FairVote executive director Rob Richie commented that the timing of the lawsuit is problematic. He told The Nation, "The time to discuss the fairness of caucus sites is long past. You simply don't want to reduce the number of places to vote or do a last-minute change if you want people to participate. Caucus turnout already promises to be distressingly low for representative outcomes." Former FairVote board member and Obama supporter Jamie Raskin added, "The Equal Protection claim in this case is silly and would be thrown out even if it hadn't been raised in the eleventh hour in a transparently political way. The claim boils down to the argument that it discriminates against teachers and other professionals to set up polling places in casinos for people who work there since these employees then get an unfair advantage in access to the polls. On this curious theory, of course, it would violate Equal Protection for some people to live two miles away from a polling place while others live on the same block. The irony is that most polling places are in public schools [where Nevada State Education Association members work]!"
This whole controversy adds to a broader debate about the problems associated with caucuses and the primary process more generally. How democratic is a process where people have to take off work or find a baby sitter for up to two hours? Who benefits from a system where voter participation is dismally low and ballots are cast in a public forum (not in secret, as we are used to for most elections)? Shouldn't people who can't attend the caucuses but still want to have a say in who the Democratic nominee is have a chance to make their voice heard? The teacher's may have a point though--why shouldn't they be able to vote where they work? In fact, why shouldn't everyone be able to vote where they work?
If states are going to continue using the caucus system, they have an obligation to their citizens and to the democratic process to encourage participation by expanding the number of caucus sites and increasing opportunities for all citizens to participate in the process.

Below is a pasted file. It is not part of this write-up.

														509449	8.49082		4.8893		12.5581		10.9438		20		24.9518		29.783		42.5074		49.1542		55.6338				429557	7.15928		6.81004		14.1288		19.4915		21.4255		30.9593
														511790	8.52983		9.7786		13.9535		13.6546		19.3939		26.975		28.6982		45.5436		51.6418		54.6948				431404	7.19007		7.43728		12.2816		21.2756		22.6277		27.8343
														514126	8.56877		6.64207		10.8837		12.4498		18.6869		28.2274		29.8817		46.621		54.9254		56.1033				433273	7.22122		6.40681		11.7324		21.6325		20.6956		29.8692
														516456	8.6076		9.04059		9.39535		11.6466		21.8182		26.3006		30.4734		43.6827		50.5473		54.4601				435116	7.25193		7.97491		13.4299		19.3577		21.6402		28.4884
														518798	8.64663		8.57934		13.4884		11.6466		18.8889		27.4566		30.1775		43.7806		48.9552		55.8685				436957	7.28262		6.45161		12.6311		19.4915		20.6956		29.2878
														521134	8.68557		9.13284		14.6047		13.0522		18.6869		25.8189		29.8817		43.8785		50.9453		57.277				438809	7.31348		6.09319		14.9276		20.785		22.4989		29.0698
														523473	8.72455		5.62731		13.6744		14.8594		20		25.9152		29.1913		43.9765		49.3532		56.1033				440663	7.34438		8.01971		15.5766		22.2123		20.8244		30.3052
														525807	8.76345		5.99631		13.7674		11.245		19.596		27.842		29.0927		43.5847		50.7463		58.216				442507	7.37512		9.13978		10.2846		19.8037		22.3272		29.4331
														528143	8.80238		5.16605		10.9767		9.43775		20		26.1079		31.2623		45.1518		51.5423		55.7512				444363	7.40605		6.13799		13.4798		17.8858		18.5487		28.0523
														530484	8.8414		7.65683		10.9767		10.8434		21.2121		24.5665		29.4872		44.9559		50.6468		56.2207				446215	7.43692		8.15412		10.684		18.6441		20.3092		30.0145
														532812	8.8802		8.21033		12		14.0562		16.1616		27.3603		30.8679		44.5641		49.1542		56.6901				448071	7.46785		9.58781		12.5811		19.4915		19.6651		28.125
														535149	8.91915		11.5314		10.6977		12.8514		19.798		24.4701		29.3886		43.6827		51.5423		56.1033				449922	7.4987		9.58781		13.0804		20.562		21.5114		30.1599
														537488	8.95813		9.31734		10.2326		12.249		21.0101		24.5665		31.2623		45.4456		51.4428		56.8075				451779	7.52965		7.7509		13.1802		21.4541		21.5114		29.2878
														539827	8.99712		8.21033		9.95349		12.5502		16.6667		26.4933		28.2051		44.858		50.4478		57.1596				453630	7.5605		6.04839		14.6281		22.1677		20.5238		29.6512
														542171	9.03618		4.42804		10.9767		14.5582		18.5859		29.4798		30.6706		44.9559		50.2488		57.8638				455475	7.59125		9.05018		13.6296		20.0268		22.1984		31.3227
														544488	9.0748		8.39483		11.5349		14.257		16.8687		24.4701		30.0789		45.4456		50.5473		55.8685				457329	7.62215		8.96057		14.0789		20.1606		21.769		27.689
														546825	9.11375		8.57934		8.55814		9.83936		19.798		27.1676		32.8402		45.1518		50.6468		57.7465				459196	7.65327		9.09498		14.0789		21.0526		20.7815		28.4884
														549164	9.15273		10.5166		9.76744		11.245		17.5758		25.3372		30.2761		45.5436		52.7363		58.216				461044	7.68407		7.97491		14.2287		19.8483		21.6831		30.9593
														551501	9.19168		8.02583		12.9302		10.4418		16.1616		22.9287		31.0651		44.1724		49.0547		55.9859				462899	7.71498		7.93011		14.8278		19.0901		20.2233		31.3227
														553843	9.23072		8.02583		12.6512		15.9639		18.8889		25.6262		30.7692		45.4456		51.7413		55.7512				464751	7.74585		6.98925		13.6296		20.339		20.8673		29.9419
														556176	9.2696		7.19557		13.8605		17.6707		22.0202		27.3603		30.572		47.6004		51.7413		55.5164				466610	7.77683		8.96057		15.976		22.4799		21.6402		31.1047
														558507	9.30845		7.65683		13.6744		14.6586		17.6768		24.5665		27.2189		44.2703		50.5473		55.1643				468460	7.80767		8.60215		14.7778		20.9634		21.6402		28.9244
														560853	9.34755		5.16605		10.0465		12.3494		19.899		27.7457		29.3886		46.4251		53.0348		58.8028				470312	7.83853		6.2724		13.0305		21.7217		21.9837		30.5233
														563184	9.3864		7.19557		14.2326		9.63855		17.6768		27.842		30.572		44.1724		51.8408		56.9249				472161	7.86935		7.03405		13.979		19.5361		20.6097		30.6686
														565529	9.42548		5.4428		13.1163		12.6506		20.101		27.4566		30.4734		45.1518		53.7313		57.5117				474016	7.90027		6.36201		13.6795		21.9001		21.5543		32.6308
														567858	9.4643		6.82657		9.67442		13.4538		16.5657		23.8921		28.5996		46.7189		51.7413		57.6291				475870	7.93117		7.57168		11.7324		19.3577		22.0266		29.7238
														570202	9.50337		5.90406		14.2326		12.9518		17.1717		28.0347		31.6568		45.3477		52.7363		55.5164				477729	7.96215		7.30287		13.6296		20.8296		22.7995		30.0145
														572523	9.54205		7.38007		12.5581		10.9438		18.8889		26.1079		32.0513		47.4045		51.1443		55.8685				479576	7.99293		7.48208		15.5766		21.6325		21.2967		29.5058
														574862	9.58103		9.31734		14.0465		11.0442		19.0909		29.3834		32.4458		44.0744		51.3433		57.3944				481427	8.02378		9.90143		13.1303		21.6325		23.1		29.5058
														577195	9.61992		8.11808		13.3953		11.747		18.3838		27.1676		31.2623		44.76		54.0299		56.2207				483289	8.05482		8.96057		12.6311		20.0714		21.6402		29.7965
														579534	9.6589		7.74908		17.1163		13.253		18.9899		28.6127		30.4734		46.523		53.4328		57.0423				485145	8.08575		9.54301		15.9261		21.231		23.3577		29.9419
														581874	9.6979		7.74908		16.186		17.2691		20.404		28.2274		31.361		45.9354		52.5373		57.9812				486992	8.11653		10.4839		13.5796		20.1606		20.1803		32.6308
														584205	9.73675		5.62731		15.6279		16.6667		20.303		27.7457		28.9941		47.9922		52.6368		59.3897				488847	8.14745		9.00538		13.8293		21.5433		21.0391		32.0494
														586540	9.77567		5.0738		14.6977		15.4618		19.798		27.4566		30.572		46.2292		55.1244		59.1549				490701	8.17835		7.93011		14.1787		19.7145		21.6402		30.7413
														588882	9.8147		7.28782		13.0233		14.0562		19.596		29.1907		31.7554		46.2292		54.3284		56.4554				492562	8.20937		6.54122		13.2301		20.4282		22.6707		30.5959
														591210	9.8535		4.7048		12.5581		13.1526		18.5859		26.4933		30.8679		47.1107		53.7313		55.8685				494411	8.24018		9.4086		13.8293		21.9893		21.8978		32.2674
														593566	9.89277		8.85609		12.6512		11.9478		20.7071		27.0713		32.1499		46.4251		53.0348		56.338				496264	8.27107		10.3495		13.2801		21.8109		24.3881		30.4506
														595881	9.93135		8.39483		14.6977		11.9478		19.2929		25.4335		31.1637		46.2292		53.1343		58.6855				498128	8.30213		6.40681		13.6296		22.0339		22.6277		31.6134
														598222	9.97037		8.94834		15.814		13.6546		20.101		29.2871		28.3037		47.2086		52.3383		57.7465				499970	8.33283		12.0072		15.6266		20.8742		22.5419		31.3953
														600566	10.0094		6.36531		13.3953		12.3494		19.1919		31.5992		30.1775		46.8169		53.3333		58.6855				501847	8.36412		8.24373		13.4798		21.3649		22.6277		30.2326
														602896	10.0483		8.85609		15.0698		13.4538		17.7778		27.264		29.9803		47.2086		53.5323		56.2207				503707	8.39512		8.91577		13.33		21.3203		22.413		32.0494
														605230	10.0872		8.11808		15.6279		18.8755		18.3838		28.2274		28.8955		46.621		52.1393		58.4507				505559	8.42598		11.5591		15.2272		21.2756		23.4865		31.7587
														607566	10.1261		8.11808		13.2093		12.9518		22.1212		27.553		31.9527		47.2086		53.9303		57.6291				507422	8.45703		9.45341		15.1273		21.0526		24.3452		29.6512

UPDATE: January 17, 2008
Judge Dismisses Nevada Caucus Challenge
By THE ASSOCIATED PRESS
Filed at 2:31 p.m. ET
LAS VEGAS (AP) -- An attempt by Democrats with ties to Hillary Rodham Clinton to prevent casino workers from caucusing at special precincts in Nevada failed in court Thursday.
The ruling by U.S. District Court Judge James Mahan was presumed to be a boost for Clinton rival Barack Obama in the Democratic presidential caucuses Saturday because he has been endorsed by the union representing many of the shift workers who will be able to use the precincts on the Las Vegas strip.
''State Democrats have a First Amendment right to association, to assemble and to set their own rules,'' Mahan said. Nevada's Democratic Party approved creation of the precincts to make it easier for housekeepers, waitresses and bellhops to caucus during the day near work rather than have to do so in their neighborhoods.
The state teacher's union, which has ties to Clinton, and other plaintiffs brought the suit against the special precincts shortly after local 226 of the Culinary Workers Union endorsed Obama for the Democratic nomination. The union is the largest in Nevada, with 60,000 members. The Clinton campaign said it was not involved in the suit.